There has not been any kind of shortage of story lines during the 2012 postseason, and the Stanley Cup Final is no exception. Mike Richards playing against his old junior coach from the OHL's Kitchen Rangers, Peter DeBoer. Wayne Gretzky, who played for the Los Angeles Kings during the last time they qualified for the Final in 1993 and has said he will be present during the 2012 Final, once called the New Jersey Devils a "Mickey Mouse organization" back in the late-1980's.
But there is another.
It seems all too coincidental the two teams that competed the hardest for the services of free agent Ilya Kovalchuk during the summer of 2010 are set to face off against each other Wednesday night at Prudential Center in Game 1 of the series that will determine the NHL champions.
After being dealt by the then-Atlanta Thrashers to New Jersey for Johnny Oduya, Niclas Bergfors, Mattias Tedenby, and a first-round draft choice prior to the trade deadline in February of 2010 when it was obvious the Thrashers would not be able to re-sign the star player, Kovalchuk posted a point-per-game (10 goals, 27 points in 27 games) along with a +9 rating down the stretch. He then recorded two goals and six points in a five-game first round loss to the Philadelphia Flyers that spring.
If you will recall, Kings' GM Dean Lombardi had brought Kovalchuk and his camp out to L.A. on a couple of occasions in hopes of wooing the sniper to Tinsel Town, but to no avail.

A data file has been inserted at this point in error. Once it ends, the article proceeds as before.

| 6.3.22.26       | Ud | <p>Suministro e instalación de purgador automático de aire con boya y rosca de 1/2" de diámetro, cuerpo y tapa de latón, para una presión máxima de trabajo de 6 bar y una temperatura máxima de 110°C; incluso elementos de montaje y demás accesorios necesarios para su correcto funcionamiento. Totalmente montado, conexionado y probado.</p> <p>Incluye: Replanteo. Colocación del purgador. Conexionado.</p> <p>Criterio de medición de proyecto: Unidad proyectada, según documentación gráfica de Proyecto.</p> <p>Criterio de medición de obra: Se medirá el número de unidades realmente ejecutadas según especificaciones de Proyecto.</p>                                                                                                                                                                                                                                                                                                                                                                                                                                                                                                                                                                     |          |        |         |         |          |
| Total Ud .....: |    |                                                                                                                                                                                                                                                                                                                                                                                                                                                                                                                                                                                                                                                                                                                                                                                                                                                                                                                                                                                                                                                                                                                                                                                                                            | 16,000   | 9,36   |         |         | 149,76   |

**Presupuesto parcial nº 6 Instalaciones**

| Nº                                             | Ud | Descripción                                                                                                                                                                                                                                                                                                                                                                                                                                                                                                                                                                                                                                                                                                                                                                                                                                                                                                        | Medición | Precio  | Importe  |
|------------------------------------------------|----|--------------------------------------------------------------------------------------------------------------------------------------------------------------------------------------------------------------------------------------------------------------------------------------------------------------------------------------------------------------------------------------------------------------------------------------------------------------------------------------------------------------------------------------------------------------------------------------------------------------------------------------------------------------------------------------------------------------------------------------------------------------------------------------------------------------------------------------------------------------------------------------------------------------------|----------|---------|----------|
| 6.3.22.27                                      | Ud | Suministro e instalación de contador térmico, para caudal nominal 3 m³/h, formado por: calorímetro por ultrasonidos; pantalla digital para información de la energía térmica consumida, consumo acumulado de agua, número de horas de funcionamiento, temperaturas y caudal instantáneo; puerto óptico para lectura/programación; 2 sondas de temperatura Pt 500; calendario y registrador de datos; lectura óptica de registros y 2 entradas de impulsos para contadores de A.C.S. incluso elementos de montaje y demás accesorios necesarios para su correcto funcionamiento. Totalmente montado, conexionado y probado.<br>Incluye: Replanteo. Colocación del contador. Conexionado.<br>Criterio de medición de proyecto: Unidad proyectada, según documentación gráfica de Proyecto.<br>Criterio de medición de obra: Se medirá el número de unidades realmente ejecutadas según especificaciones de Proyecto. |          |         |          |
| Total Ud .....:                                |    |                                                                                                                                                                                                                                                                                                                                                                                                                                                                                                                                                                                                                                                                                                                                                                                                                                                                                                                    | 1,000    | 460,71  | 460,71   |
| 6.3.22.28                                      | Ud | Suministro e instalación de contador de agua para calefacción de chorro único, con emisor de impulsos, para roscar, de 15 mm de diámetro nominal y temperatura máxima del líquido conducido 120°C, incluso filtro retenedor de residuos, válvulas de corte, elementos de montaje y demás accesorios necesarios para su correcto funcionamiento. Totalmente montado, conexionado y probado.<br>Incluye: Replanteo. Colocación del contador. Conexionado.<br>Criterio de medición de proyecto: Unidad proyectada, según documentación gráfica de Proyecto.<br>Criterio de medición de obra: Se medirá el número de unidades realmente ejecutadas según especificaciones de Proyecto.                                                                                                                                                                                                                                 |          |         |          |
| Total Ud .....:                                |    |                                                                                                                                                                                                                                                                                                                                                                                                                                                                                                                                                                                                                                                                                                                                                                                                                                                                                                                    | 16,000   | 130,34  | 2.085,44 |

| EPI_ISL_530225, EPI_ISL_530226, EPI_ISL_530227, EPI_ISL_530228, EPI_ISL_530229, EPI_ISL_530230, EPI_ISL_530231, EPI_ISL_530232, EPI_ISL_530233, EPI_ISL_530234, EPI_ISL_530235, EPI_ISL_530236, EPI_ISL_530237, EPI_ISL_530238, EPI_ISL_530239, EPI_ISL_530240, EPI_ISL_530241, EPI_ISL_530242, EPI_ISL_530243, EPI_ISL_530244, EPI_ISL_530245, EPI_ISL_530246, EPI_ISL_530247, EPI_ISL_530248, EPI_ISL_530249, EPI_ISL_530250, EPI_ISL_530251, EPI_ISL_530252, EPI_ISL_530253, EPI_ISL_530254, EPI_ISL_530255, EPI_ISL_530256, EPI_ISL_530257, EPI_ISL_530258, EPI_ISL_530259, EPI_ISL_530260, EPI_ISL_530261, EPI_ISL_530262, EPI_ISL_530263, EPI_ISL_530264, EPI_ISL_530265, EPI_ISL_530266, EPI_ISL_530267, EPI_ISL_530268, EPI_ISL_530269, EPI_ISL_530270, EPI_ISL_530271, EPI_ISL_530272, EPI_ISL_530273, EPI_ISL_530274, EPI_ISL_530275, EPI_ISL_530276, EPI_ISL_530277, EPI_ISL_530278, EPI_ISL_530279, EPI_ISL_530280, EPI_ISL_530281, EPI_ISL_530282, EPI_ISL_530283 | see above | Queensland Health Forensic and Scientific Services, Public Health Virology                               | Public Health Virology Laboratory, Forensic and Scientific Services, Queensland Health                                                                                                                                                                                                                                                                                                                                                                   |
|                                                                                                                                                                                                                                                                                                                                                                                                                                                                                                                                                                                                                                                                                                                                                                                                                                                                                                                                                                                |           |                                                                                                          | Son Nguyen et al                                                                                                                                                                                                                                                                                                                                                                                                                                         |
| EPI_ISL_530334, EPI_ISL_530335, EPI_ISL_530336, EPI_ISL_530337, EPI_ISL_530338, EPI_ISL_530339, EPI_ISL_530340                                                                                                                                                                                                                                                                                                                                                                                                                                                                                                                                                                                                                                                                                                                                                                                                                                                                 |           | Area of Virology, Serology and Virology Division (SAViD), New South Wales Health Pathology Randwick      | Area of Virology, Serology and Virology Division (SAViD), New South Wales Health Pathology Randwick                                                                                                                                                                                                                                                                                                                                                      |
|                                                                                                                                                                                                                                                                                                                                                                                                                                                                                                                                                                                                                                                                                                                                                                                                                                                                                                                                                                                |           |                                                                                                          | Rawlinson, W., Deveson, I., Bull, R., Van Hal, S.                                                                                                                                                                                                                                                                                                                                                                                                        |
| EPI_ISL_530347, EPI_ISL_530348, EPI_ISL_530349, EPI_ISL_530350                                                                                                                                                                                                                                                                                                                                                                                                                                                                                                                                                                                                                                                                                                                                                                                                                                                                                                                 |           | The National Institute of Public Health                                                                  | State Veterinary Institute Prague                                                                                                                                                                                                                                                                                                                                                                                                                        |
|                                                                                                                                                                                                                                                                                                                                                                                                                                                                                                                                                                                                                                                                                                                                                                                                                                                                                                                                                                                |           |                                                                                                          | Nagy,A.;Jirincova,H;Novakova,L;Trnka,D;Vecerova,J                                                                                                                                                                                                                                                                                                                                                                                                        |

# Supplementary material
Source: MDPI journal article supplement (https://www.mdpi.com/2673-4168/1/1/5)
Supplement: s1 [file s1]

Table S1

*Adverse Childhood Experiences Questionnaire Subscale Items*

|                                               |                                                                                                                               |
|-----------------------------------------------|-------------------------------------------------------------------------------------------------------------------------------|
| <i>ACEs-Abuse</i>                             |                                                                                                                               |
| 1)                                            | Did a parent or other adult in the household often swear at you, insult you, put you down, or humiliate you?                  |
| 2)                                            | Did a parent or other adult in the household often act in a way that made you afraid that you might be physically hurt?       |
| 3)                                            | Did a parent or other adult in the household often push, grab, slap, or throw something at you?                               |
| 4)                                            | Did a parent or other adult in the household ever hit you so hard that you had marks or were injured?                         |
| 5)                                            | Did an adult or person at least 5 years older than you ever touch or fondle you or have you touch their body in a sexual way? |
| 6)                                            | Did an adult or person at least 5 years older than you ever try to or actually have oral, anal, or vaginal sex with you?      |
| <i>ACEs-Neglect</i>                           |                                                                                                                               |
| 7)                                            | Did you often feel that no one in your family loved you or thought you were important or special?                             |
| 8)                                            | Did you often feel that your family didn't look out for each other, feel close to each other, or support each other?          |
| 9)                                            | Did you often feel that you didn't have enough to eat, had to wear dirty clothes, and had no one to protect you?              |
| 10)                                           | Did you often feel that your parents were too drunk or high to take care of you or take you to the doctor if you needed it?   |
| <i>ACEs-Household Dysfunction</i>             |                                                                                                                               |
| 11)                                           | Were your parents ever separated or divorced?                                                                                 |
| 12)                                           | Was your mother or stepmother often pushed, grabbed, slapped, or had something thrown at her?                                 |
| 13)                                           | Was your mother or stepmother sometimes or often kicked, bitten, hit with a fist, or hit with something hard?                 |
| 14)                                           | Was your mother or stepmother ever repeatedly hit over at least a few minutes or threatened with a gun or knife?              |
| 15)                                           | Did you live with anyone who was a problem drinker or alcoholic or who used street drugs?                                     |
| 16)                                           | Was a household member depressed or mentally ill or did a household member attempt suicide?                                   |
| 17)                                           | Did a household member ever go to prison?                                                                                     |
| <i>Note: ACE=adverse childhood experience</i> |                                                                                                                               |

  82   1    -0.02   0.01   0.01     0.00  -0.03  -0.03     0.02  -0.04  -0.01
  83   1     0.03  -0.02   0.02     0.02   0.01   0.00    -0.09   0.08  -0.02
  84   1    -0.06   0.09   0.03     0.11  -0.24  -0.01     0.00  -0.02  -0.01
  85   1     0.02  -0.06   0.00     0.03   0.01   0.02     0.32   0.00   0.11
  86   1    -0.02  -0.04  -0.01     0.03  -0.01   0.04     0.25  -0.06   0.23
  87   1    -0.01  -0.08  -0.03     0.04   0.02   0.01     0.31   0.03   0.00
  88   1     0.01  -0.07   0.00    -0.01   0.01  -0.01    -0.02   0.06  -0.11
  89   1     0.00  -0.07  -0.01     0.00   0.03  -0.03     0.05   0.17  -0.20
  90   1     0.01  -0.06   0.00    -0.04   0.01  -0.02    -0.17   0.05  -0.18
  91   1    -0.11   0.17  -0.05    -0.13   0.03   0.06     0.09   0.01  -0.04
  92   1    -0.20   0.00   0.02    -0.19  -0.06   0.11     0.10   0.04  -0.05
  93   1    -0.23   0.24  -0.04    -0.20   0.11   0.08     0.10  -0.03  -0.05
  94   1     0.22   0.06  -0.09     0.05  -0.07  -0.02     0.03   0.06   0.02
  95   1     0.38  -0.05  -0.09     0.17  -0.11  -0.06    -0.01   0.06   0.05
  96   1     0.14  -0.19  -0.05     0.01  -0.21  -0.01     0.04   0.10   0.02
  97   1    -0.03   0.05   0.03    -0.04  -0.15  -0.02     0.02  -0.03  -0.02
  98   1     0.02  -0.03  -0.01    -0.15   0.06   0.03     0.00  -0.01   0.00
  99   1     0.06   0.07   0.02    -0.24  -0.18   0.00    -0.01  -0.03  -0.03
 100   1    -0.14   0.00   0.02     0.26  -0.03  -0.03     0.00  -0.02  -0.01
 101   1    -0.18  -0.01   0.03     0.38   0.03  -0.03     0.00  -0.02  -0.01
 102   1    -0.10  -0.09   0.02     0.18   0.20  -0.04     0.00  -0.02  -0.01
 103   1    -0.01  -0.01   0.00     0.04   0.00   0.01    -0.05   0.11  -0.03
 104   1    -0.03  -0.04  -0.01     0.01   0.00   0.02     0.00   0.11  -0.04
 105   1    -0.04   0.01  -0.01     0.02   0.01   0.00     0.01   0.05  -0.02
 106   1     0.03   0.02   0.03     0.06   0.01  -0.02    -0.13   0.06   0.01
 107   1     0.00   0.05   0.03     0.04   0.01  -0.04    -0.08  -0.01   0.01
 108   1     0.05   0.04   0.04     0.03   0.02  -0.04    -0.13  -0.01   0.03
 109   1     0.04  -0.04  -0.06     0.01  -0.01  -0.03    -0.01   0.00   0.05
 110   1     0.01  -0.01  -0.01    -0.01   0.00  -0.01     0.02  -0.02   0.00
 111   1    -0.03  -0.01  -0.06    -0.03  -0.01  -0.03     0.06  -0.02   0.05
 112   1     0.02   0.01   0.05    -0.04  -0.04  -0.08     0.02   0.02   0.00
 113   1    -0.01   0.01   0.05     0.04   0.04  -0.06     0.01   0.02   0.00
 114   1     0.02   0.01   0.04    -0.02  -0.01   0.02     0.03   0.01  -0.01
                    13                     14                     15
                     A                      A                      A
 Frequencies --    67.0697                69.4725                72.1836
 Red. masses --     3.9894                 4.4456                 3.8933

Lou Lamoriello and the Devils saw enough in his play that they wanted to bring the unrestricted free agent back, and were deemed the "winners" when they inked Kovalchuk to a monster 17-year, $102 million contract in mid-July of 2010.
But things quickly spiraled downward for the club shortly thereafter. Following an NHL investigation determined the pact was an attempt to circumvent the salary cap -- and even though a deal was reworked as a 15-year, $100 million contract in the interim -- the Devils were fined $3 million and penalized two draft picks.
Compounding matters was Kovalchuk seemed very disconnected and branded as a selfish player as New Jersey stumbled out of the gates to the 2010-11 campaign. As the Devils dropped deeper and deeper into a hole in which they ultimately could not get themselves out of, the talented winger appeared to sulk and his leadership qualities were called into question.
Even though the team finally did get their act together when Jacques Lemaire took over for the fired John MacLean beginning in January of 2011 and put forth a blazing two months with the best record in the League, the improbable comeback sprint to the postseason finish line came up just short. Kovalchuk did manage 31 goals, but with just 60 points an a team-worst -26 rating, the campaign could be considered nothing short of a disaster.
Despite going all out in order to bring the high-scoring winger back into the fold, New Jersey was left sitting home when the 2011 playoffs commenced.
Kovalchuk did, however, acknowledge the difficulties of his first season in N.J. "Last year was tough," he admitted Tuesday in media day interviews.
There really wasn't much reason for much optimism regarding Lamoriello's club heading into the 2011-12 season. Rumors that the Devils were on the verge of bankruptcy swirled, and new head coach DeBoer's troops got off to a 4-5-1 start.